We've all seen the term "sidetrack agreement" in a commercial general liability (CGL) policy.
But just what is a "sidetrack agreement," and does it ever come up in a case?
The Gravette court observed that the term "sidetrack agreement" was not defined in the policy so it turned to the dictionary for guidance, noting that "sidetrack" means "to shunt, to shift, as a train, from the main line to a siding." Thus, the court concluded that "the common understanding of 'sidetrack agreement' would be an agreement regarding a railroad track or siding." Based on that super-helpful definition, the court held that "the trash hauling contract had nothing to do with railroads.
An exception (that appears at the end of this section) to this exclusion applies to liability assumed under a sidetrack agreement. A sidetrack agreement is a type of hold harmless agreement between a railroad and an insured in which the railroad's sidetrack, built on the insured's premises, serves the insured.
An exception to this exclusion applies to liability assumed under a sidetrack agreement (see previous annotation).
Paragraphs (3), (4), (5) and (6) of this exclusion do not apply to liability assumed under a sidetrack agreement. Paragraph (6) of this exclusion does not apply to "property damage" included in the "products-completed operations hazard".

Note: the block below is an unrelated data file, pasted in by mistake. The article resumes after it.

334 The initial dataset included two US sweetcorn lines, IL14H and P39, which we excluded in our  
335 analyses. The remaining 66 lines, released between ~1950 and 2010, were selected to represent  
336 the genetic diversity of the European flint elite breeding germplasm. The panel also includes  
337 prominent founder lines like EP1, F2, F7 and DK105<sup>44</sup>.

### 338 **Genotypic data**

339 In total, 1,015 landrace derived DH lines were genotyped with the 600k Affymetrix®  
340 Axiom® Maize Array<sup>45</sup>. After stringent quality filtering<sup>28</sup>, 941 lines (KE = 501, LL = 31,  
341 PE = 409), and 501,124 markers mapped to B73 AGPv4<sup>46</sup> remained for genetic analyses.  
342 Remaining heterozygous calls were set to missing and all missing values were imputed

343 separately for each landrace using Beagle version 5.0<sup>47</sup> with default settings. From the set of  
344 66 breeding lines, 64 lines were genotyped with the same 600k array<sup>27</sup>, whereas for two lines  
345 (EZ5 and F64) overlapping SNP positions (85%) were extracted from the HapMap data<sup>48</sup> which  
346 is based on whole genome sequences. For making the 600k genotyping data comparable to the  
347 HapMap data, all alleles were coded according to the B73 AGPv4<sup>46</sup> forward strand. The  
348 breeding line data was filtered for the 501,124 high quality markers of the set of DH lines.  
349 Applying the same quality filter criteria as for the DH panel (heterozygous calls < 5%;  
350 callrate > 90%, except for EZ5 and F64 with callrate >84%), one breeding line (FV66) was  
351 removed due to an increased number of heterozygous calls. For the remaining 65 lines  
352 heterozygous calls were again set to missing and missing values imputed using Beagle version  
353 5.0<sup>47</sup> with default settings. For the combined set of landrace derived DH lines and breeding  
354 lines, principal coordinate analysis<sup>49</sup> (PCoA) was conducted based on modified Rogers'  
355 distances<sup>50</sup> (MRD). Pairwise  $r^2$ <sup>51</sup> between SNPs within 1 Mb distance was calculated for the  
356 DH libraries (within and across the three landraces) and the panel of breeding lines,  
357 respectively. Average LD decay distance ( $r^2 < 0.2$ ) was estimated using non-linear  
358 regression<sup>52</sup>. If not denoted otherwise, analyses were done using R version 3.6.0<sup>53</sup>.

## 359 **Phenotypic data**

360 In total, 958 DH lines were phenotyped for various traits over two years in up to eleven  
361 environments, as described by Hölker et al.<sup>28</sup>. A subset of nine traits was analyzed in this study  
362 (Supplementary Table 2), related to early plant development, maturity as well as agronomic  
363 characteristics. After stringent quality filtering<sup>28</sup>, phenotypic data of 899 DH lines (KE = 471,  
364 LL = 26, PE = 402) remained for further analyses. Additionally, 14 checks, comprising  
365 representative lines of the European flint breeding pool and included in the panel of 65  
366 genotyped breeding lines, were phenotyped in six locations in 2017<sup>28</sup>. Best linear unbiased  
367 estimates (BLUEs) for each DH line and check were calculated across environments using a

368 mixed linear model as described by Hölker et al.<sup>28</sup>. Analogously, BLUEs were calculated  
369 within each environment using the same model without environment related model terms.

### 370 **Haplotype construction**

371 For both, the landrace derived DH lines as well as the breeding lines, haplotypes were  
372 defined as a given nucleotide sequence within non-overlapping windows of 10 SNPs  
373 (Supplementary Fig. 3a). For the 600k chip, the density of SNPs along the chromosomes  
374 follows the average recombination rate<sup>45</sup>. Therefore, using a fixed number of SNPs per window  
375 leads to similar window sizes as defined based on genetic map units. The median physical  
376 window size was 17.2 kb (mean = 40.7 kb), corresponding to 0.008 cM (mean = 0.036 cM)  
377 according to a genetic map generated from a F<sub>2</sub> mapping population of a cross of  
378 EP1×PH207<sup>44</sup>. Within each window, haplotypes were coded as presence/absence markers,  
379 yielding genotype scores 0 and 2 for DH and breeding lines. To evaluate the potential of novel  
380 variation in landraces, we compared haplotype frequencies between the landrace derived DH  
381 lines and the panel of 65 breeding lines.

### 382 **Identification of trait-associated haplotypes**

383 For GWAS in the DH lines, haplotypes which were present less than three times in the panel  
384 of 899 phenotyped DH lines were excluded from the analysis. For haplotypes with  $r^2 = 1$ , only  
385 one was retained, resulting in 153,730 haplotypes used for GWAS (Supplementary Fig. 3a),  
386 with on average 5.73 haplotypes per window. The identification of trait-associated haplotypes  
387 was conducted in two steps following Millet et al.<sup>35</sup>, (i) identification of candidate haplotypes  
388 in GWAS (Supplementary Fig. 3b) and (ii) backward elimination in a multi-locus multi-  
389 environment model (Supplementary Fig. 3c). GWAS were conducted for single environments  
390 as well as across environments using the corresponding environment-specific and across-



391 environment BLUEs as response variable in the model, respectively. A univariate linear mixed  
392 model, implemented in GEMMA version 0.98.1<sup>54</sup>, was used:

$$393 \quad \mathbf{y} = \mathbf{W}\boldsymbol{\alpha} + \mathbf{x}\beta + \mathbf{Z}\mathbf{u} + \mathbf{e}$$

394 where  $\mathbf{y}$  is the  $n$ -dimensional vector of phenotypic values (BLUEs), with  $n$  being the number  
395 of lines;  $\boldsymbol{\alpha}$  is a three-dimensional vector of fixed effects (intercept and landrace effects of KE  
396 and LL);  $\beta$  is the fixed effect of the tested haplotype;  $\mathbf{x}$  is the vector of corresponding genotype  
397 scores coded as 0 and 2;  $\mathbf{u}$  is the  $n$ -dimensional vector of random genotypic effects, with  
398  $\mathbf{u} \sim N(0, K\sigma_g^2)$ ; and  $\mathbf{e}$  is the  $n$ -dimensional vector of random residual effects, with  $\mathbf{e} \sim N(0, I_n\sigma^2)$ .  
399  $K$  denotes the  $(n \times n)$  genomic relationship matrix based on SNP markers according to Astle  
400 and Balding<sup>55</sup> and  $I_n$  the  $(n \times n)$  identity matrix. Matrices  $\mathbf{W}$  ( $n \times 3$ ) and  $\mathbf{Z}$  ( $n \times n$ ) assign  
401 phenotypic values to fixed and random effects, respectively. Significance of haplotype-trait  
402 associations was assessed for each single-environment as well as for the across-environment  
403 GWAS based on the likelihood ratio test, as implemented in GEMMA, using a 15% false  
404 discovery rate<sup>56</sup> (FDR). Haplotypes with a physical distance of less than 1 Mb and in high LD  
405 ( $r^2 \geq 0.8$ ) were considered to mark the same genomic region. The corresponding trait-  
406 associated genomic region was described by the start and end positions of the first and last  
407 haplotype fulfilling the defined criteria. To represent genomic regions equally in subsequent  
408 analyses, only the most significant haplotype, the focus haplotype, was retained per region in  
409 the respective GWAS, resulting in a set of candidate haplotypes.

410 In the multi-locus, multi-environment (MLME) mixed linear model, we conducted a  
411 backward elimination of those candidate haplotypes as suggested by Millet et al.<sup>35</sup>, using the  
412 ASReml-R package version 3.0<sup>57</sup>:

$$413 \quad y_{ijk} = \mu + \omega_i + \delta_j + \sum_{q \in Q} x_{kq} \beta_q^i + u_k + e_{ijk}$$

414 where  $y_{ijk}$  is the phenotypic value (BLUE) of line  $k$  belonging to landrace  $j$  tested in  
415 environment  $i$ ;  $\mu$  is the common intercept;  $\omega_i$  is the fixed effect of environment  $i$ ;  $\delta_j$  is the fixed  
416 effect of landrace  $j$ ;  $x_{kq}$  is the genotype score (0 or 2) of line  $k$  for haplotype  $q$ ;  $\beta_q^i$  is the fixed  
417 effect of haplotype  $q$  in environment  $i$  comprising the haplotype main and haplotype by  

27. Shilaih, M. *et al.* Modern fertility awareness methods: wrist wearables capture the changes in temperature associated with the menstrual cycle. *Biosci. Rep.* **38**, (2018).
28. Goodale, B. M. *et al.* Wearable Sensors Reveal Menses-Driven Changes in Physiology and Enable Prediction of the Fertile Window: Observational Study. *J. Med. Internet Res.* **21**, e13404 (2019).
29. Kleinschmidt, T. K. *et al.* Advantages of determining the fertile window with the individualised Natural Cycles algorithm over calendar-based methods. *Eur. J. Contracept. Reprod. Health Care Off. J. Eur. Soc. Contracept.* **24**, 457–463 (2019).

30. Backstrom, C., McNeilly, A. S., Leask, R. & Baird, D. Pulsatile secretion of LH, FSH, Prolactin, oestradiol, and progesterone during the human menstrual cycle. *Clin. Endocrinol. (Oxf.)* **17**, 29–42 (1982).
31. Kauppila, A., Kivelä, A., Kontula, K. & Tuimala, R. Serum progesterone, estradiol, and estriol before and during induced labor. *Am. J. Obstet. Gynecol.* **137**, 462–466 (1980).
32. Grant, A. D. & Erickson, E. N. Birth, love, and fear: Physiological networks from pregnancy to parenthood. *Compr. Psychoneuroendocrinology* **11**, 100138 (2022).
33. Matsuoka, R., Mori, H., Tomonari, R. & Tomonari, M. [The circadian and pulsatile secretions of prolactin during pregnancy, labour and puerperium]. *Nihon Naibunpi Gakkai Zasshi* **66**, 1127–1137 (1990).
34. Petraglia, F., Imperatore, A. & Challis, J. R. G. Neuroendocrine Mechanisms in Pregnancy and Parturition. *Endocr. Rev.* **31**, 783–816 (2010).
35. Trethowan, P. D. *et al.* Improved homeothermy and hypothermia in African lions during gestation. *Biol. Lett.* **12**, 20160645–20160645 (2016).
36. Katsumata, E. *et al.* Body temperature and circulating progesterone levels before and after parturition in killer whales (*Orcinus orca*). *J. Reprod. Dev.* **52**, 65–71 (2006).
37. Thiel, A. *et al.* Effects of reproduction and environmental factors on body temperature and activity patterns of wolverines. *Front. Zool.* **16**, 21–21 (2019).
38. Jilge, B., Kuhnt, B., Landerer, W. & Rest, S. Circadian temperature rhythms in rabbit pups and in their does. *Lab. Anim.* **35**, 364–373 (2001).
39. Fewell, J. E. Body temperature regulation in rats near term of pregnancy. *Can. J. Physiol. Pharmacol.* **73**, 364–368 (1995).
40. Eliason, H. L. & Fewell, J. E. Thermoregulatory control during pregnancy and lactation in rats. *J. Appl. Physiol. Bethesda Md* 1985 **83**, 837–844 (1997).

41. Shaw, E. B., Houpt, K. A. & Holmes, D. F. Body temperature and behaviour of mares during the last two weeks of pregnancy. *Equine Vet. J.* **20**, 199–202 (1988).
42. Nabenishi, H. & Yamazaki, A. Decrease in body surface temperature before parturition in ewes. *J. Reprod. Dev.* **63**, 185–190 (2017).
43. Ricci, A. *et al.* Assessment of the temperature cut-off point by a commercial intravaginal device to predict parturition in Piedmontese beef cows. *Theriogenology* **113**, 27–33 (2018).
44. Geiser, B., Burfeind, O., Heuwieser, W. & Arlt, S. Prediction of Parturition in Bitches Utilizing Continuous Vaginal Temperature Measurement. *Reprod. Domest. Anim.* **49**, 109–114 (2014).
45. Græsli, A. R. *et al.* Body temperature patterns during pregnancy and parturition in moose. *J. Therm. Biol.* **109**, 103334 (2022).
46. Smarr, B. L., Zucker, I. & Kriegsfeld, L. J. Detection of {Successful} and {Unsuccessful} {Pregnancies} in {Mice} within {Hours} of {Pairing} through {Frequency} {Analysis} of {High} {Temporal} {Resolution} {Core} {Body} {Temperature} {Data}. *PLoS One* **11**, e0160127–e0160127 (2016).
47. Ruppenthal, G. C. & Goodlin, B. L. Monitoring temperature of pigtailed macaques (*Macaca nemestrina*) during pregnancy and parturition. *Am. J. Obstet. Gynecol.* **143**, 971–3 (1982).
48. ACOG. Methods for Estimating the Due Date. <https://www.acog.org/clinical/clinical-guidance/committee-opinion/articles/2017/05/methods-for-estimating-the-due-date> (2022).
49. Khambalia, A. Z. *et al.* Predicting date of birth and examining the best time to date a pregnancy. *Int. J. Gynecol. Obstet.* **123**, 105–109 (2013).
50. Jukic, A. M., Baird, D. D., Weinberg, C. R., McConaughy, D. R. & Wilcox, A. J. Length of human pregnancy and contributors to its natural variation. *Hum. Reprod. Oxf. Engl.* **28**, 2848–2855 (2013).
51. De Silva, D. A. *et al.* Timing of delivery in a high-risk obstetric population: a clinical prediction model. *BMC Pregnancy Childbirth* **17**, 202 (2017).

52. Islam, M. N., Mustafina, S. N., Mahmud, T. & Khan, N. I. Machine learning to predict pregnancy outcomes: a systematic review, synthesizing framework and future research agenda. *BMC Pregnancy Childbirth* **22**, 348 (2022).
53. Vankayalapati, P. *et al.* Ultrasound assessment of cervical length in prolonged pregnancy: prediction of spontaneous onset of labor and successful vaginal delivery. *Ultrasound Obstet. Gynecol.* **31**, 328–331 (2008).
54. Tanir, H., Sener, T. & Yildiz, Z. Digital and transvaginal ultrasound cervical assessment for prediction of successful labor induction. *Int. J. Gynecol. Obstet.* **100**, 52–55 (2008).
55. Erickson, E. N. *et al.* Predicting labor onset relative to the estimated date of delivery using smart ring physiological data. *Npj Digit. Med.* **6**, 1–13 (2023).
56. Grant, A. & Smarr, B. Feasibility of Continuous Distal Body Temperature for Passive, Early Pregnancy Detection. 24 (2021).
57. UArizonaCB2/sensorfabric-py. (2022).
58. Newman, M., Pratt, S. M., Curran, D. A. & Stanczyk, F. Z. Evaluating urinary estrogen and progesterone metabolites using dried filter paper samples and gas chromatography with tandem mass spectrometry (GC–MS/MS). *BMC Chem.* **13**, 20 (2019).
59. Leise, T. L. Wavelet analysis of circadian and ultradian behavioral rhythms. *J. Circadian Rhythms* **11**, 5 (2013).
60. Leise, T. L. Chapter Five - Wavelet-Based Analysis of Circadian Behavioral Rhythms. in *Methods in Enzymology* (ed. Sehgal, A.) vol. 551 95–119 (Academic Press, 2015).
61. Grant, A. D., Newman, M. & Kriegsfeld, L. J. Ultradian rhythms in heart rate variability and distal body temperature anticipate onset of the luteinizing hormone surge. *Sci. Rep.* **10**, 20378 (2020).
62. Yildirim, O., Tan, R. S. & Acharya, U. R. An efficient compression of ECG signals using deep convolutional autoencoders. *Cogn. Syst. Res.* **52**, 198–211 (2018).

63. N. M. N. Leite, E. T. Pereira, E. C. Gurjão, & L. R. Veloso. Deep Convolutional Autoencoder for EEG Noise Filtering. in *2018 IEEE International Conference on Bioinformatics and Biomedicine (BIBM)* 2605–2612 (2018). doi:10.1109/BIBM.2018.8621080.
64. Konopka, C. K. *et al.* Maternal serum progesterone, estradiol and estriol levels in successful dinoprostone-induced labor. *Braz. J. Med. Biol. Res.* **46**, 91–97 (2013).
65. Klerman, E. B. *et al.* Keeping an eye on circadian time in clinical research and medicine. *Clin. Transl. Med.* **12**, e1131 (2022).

The second type of insured contract is a sidetrack agreement.
A sidetrack agreement is a contract between a business and a railroad wherein the railroad builds a track on the business's property to facilitate shipping, and the business then agrees to release the railroad from liability.
A sidetrack agreement
is an agreement between the owners of a premises and a railroad with a railroad sidetrack (i.e., an access track) that services the business owner's property, usually a warehouse or loading dock facility.
One exception is for liability assumed under a sidetrack agreement.
As with other parts of exclusion J, this part of the exclusion does not apply to liability assumed under a sidetrack agreement.
For decades, the major exposures were relatively basic business contracts: leases; elevator maintenance agreements; obligations required by a municipal ordinance; sidetrack agreements
; and easement In fact, these were so commonly accepted as normal parts of business that long ago the standard liability forms automatically included them, and hundreds of thousands of insurance students learned them as the aptly titled "incidental contracts."